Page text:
Many countries in various regions of the world have already passed through the demographic transition achieved by both low birth and death rates. At present nearly 80 countries, representing close to half of the world’s population, have fertility rates at or below the replacement level of about two children per woman. In contrast, about 21 countries, accounting for about 9 percent of the world’s population, have fertility rates of five or more births per woman.

Figure 3

Certainly lowering high rates of population growth to manageable levels is not a panacea ensuring sustainable development for the least development countries. However, reducing rapid rates of population growth will contribute substantially to the developmental efforts of those countries by making national goals easier and less costly to achieve.

Slower population growth rates will give those countries with more time to adjust to future population change. This in turn will strengthen their abilities to expand their economies, improve living conditions, educate youth, develop infrastructure and protect environments.

There is not a single issue among the sustainable development goals – including poverty, hunger, housing, education, employment, health, gender equality, human rights and environment – that would not benefit from reducing high rates of population growth. Lower rates of population growth among the least developed countries would also contribute to improving economic and employment prospects, while easing environmental stresses, thus reducing the pressures for young men and women to migrate to other countries to secure a decent standard of living.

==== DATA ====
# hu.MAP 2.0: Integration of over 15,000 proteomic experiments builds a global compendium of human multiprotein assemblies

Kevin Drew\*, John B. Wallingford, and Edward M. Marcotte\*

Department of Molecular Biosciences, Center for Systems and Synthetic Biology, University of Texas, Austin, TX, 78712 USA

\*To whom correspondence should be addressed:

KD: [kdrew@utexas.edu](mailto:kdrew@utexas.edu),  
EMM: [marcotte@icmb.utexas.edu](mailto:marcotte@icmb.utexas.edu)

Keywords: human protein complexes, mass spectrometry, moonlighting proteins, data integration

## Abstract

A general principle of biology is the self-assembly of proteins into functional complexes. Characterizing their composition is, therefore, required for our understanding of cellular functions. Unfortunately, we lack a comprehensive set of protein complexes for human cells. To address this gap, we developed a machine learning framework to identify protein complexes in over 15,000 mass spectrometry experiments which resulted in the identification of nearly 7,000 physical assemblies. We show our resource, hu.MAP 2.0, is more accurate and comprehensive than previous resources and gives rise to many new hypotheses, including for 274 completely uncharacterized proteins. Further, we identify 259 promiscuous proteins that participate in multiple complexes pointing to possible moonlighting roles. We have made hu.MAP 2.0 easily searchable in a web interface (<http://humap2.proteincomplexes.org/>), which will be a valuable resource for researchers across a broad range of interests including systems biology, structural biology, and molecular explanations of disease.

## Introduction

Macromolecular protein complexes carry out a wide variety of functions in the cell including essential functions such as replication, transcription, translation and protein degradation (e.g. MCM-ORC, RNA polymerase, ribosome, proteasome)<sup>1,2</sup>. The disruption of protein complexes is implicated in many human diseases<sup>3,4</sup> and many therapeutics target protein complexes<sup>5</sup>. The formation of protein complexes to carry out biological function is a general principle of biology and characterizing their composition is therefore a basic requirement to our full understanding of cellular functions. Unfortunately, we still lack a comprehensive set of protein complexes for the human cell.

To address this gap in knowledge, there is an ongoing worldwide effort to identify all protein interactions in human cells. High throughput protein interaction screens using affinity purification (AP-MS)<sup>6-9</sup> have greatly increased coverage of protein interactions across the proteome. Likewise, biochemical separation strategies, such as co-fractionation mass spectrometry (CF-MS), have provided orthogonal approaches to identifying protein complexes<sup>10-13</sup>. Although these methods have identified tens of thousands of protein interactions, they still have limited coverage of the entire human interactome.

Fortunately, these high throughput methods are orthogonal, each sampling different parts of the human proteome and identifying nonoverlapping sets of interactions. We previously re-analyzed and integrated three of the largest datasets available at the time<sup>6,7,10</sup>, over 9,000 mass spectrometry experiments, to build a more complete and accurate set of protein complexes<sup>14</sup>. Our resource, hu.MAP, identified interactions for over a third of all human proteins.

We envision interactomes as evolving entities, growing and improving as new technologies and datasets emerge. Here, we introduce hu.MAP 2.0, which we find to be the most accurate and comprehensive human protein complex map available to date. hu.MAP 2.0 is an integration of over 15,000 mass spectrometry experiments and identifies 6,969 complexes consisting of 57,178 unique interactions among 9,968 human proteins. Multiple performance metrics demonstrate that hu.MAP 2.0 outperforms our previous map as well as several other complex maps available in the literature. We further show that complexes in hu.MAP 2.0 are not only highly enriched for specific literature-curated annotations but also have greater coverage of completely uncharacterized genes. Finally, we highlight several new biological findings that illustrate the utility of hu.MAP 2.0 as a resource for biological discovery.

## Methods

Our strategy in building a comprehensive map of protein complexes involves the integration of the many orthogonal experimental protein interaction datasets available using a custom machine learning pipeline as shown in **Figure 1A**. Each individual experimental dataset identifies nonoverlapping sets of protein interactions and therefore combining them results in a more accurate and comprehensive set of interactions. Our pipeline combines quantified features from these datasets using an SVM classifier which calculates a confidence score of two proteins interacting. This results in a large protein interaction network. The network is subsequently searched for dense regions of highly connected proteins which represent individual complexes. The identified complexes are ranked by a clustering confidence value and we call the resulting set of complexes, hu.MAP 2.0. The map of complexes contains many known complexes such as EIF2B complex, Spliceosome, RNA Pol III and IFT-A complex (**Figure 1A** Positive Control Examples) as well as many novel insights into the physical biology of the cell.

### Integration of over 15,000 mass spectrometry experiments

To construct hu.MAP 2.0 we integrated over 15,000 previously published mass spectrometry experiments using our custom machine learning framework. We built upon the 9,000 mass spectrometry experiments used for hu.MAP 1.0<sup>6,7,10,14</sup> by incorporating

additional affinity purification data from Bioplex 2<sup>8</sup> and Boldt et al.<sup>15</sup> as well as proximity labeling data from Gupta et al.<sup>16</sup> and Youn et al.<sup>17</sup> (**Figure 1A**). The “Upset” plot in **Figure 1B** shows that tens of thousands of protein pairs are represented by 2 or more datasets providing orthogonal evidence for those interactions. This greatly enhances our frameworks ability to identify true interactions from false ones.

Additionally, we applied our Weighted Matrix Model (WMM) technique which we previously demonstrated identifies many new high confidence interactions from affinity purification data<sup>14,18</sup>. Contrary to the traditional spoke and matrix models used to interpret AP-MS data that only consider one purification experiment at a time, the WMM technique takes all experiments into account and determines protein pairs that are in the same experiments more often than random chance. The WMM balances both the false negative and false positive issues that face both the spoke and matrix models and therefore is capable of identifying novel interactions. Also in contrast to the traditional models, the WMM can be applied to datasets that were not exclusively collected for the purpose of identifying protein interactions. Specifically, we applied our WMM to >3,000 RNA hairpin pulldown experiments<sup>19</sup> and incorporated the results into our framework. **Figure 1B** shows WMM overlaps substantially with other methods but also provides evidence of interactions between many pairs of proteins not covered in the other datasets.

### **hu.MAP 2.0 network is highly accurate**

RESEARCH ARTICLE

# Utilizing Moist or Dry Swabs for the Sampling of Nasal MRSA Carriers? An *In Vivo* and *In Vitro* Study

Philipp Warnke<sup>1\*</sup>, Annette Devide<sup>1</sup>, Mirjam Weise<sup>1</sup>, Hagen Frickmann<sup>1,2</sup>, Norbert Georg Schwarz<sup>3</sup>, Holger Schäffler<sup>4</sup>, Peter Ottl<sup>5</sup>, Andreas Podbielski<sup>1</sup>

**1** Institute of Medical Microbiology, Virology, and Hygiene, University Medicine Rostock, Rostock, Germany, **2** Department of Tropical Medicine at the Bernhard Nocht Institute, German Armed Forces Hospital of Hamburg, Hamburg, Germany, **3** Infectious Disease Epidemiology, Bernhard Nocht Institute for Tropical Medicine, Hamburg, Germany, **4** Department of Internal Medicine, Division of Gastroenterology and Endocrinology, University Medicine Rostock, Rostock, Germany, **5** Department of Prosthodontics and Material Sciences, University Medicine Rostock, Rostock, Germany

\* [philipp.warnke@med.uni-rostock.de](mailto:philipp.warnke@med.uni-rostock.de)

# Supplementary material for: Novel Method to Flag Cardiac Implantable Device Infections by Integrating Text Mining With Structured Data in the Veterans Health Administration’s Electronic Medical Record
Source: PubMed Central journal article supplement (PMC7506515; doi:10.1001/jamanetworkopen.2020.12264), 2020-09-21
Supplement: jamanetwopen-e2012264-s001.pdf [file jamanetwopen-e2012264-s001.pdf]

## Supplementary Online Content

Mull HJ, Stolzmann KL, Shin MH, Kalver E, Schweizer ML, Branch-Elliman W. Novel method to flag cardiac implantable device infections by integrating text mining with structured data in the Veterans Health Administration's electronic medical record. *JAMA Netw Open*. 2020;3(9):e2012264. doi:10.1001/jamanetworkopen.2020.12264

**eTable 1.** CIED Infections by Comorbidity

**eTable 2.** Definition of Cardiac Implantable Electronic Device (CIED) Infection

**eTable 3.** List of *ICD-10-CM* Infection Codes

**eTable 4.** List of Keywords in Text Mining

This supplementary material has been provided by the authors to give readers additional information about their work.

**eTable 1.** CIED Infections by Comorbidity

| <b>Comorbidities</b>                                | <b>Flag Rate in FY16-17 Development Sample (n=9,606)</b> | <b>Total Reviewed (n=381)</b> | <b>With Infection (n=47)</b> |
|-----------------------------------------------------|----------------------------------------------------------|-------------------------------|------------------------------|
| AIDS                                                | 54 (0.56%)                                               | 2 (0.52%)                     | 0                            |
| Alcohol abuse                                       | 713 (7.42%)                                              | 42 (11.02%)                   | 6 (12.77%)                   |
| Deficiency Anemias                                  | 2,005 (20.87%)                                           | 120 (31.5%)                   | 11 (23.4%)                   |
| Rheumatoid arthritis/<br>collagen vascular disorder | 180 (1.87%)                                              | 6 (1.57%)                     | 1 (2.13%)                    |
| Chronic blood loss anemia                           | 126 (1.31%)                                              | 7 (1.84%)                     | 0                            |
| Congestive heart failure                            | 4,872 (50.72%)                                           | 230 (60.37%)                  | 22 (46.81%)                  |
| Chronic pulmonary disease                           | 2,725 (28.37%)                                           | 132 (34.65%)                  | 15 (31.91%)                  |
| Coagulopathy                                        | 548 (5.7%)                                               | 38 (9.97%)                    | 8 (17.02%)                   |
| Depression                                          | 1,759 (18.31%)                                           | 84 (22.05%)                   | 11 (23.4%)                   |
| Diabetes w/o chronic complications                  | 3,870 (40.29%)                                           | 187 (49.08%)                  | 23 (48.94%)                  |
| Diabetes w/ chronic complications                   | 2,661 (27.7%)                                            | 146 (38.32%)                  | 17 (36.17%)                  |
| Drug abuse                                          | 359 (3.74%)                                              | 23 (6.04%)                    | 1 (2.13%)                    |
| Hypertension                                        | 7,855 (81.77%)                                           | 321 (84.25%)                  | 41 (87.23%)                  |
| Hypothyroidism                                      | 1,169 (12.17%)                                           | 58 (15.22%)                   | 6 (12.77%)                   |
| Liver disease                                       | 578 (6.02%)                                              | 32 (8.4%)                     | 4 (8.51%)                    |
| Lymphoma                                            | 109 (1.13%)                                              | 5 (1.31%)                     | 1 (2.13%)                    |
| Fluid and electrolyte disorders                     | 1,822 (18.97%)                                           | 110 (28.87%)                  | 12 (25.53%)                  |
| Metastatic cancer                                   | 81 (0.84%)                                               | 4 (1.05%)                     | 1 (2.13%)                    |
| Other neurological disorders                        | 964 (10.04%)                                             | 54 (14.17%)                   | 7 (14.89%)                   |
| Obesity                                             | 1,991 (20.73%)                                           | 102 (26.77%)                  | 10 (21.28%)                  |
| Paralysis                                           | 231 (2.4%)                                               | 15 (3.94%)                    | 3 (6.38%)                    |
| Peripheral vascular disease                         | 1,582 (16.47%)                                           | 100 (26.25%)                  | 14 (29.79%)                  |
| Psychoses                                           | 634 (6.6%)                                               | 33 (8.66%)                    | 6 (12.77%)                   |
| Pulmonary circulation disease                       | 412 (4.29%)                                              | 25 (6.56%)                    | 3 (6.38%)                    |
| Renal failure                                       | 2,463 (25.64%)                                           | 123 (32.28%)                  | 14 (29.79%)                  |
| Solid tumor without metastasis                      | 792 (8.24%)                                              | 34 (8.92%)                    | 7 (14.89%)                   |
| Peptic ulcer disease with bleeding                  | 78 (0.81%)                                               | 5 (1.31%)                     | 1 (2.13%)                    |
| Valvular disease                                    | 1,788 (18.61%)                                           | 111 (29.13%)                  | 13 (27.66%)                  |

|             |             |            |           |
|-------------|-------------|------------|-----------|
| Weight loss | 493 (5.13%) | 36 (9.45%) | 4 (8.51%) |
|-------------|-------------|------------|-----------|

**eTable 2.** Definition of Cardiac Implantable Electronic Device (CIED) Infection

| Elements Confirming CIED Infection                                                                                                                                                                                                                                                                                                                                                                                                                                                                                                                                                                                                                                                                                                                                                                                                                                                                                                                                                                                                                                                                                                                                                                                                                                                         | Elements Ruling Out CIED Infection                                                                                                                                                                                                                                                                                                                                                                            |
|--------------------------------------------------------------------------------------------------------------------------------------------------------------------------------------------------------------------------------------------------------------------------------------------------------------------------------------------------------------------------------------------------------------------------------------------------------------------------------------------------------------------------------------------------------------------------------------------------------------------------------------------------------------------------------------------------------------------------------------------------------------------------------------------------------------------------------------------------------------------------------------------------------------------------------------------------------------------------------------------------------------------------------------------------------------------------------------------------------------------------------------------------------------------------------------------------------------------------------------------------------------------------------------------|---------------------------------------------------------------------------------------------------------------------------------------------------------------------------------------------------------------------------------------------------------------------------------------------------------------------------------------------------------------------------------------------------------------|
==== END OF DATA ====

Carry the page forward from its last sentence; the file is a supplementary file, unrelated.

Moreover, if fertility rates in the least developed countries were to decline faster than currently projected in the United Nations medium variant projection, the difference in population by the century’s close could be close to a billion people less, 2.2 billion versus 3.2 billion. Such a sizeable demographic difference would contribute to early stabilization of the world’s population.

As has been the case at previous global summits, world leaders will briskly walk into the UN General Assembly and deliver 10 minutes or so of largely forgettable prose. It would indeed be memorable if at least one leader recommended that the international community work together to address high rates of population growth.

In 15 years, the world population will have gained another 1.2 billion people and grow to 8.5 billion people. By then, nearly all of today’s political leaders will have either retired, been removed or passed away. Their replacements will address the UN Development Summit in 2030 – and by then, may find the courage to ask why rapid rates of population growth were repeatedly ignored for so long – and recommend that population growth be included in any future set of international development goals.

Joseph Chamie is an independent consulting demographer and a former director of the United Nations Population Division

Rights:Copyright © 2015 YaleGlobal and the MacMillan Center